I just wanted to let you all know that our good friend Eric Watts has created a blog for his new work. He's uploaded 4 videos so far, one of which you can watch below. I would highly recommend, however, spending a few extra minutes and watching the others.

Make sure to check the blog regularly for updates and new work!

Borderline, 2009 (Video)

© Eric Watts

Sunday, April 19, 2009

Stefanie Fiore's A New Home

Stefanie Fiore got in touch the other day to share some images from her new series A New Home. The images explore first generation Italian-Canadian residences "in an attempt to piece together an 'Italian style,' and its significance withing our history."

I found myself slightly overwhelmed by the gaudiness in Fiore's photographs. That's not to say I don't find some of them interesting, I do, but there is a certain amount sensationalism present in these images. This ultimately raises an intriguing question: Do photographs of lurid interior spaces rely too heavily on the hyperbole of their design? And if so, how does a photographer transcend this superficiality in favor of something more substantive? Fiore's statement explains:

"Using local materials and notions of the baroque to create replicas and pastiche resembling their homeland, the families are referencing the rich cultural history of their homeland in a country in which they have no history. In doing so, creating their ideal living space, fusing old and new, formal and personal, Italian and Canadian. In these photographs I am aiming to distill the richness of the surface and investigate this hybrid culture. Suspending moments between memory and history, my photographs represent a lifestyle and traditions that are rooted in the past, reconstructed in the present."

All photographs from the series A New Home

All Images © Stefanie Fiore

Thursday, April 16, 2009

John Lehr

Although the work of John Lehr is probably familiar to most followers of contemporary photography, I thought I would post some anyway. The Walker Art Center website eloquently had this to say about two of Lehr's series':

"Sound and Fury, which captures commercial signage from unlikely angles. Lehr’s imagery denies the viewer the signs’ primary surface and message space, thus negating their communicative function. Emptied of their references, they become totem-like forms that bisect the image and draw us into non-places we rarely notice, such as medians separating traffic lanes or shoulders of roadways where such signage is anchored. A concurrent series, Mirage, documents scenes in the suburban landscape where the commonplace is revealed as both familiar and sublime. Mounds of gravel, mulch, and dirt are so perfectly arranged that they look like earthworks, and stacks of garbage and an electrical box stand as minimalist sculptures."

From Top To Bottom:

New Haven, CT 2004

Hatfield, MA 2006

Burger King, Connecticut 2005

Baltimore, MD 2005

Erving, MA 2006

All Images © John Lehr

Nina Buesing Corvallo's Fauna

I happended upon Nina Buesing Corvallo's strange and enchanting series Fauna the other day. The images from this project are not unlike Arno Schidlowski portraits of animals, which, if you haven't seen yet, you certainly should.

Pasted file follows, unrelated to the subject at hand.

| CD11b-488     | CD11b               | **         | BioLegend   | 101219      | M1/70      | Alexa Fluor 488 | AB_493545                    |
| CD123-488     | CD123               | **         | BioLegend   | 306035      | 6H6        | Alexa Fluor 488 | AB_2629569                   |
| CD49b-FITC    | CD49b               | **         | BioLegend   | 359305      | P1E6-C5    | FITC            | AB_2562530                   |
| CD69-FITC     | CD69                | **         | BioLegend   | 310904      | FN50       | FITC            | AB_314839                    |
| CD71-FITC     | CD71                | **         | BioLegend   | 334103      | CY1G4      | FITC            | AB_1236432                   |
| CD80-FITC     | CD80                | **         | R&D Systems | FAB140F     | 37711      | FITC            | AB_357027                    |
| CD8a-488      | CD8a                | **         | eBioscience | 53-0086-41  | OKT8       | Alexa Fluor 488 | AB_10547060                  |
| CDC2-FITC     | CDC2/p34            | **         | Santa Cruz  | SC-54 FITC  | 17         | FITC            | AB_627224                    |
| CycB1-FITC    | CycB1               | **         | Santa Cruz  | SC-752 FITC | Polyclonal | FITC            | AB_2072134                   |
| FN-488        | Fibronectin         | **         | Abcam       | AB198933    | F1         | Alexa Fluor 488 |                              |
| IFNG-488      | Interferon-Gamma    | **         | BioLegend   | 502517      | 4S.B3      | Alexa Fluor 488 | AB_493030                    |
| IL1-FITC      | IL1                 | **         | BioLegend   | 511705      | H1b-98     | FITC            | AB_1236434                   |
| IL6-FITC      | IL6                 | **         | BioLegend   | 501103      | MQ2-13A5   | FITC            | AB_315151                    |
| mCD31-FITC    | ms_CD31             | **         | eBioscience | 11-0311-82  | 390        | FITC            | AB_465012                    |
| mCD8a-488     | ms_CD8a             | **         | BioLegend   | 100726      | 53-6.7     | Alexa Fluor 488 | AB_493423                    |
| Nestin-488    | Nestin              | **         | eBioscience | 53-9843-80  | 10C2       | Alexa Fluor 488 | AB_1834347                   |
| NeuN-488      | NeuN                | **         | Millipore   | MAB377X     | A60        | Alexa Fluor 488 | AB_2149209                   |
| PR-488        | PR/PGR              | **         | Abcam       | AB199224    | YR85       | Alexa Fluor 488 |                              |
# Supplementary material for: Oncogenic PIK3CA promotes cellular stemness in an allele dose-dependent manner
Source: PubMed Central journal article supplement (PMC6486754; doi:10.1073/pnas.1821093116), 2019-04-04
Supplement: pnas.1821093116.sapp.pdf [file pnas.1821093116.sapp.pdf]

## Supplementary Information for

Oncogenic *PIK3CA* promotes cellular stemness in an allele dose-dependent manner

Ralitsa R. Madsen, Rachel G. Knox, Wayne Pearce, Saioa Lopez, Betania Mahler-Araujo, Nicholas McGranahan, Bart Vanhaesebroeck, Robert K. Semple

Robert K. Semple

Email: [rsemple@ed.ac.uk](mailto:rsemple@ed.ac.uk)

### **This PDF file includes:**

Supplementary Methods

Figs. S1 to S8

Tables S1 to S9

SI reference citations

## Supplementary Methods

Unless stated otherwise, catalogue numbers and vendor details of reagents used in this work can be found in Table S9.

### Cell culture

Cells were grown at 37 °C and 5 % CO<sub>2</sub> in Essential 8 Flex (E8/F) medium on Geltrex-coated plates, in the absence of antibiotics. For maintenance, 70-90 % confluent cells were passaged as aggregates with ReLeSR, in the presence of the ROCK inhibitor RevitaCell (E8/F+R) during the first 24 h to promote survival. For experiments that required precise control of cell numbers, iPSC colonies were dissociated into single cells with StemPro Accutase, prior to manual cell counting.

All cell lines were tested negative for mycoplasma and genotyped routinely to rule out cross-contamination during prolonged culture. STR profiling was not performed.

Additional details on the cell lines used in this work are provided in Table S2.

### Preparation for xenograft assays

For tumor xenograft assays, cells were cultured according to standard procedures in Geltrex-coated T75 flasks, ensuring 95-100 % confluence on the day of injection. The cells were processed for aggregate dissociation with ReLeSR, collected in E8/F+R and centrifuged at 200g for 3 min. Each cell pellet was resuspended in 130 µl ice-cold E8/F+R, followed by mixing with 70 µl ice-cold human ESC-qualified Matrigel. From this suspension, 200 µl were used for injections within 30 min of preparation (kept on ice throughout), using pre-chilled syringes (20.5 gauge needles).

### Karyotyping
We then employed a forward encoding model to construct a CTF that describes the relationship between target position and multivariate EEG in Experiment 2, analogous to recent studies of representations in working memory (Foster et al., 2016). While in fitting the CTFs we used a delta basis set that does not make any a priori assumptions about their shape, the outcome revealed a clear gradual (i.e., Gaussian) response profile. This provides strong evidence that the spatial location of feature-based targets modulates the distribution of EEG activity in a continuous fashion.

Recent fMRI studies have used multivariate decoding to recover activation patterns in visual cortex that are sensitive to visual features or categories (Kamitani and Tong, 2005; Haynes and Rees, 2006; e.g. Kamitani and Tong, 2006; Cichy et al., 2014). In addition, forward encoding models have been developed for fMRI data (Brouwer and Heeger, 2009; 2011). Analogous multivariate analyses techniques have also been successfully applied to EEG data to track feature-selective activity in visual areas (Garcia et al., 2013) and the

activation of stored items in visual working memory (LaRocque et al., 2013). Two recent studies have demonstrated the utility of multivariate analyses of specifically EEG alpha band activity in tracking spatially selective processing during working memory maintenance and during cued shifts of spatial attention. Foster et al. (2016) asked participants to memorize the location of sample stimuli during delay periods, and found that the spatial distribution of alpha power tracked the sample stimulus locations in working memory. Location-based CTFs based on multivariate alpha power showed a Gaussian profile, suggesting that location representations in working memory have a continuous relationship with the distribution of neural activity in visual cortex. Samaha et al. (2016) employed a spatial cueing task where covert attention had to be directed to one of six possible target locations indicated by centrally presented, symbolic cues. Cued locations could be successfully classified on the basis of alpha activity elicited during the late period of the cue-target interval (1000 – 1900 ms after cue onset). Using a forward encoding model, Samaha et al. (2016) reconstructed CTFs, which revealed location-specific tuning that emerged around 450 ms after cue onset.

All photographs from the series Fauna

All Images © Nina Buesing Corvallo

Wednesday, April 15, 2009


Hey Everyone,

I just wanted to let you all know of a few Mass Art photography openings in the next couple of days. Both the BFA and MFA programs will have receptions for their thesis shows this week.

Phil Jung's Windscreen & Tom Griggs' Fluorescent Moon
Sandra and David Bakalar Gallery
Stephen D. Paine Gallery
621 Huntington Avenue, Boston, MA 02115
Reception: Thursday April 16th 6-8

BFA Photography Thesis Exhibition
President's Gallery (Tower Building 11th Floor)
621 Huntington Avenue, Boston, MA 02115
Reception: Friday April 17th 6-9

Come one, come all!

Monday, April 13, 2009

Issue 2 of Ahorn Magazine Now Online!

The second issue of Ahorn Magazine went live today. I am honored to have my series The Family Dig featured alongside all of the truly wonderful images and writing presented. Issue 2 also includes:

Nicola Kast's series How Can We Be So Different?, an interview with Andrea Diefenbach, Ian Aleksander Adams' essay On Fear and Photography, Adam Bell's review of Bertrand Fleuret's Landmasses and Railways, Shawn Gust's review of Alec Soth's Dog Days Bogotá, Daniel Shea's review of Robert Adams' seminal book The New West (recently reissued by Aperture) and an exploration of Magdalena Fischer's Things Unnecessary.

Daniel Augschoell and Anya Jasbar are doing wonderful things with Ahorn and I would thoroughly recommend showing your support by visiting the site! They also accept submissions on a rolling basis, so, if you're interested in submitting work you can find the guidelines here.

-Ben Alper

Matthieu Gafsou's Surfaces

I discovered the work of Swiss photographer Matthieu Gafsou the other day. His series Surfaces explores the landscape from a particularly stark and flattened perspective. For anyone who speaks French, you can visit Gafsou's website and learn more about the project here.

All photographs from the series Surfaces

All Images © Matthieu Gafsou

Wednesday, April 8, 2009

Aki Lumi's Traceryscape

I found the work of Japanese born/Paris-based artist Aki Lumi today via Lens Culture. His latest series, Traceryscape, consists of monochrome photographs embellished with elaborate, hand-drawn lines and shapes. The photographs largely illustrate the detritus of everyday urban culture. However, in certain pieces, Lumi subverts the correct orientation of the photograph and tips the image on its side. This destabilization reinforces how tenuous sensory perception truly is. The simple act of disorienting the image produces a palpable and physical reaction. Ultimately, the images from Traceryscape are simultaneously chaotic, vertiginous and, above all, thoroughly rewarding. In the text accompanying the Lens Culture feature, Linn K. writes:

"If you follow with your eyes the lines and shapes that skate freely across the surface of the landscapes, you realize that your gaze stops short – as though caught in a trap set by the artist – on devices in the scenery: superfine details that in an ordinary photograph would escape your notice; the “background,” which is normally relegated to the role of a photograph’s supporting-actor. Antennas so thin they disappear into the sky, strange wires hanging down from signs, unintelligible markings on buildings – all are now lodged firmly in the viewer’s gaze."

All photographs from the series Traceryscape

All Images © Aki Lumi

Tuesday, April 7, 2009

Photographic Typologies: Jan Kempenaers

Belgian photographer Jan Kempenaers series Spomenik: The End of History depicts monuments erected by the communist regime in former Yugoslavia.

All photographs from the series Spomenik: The End of History

All Images © Jan Kempenaers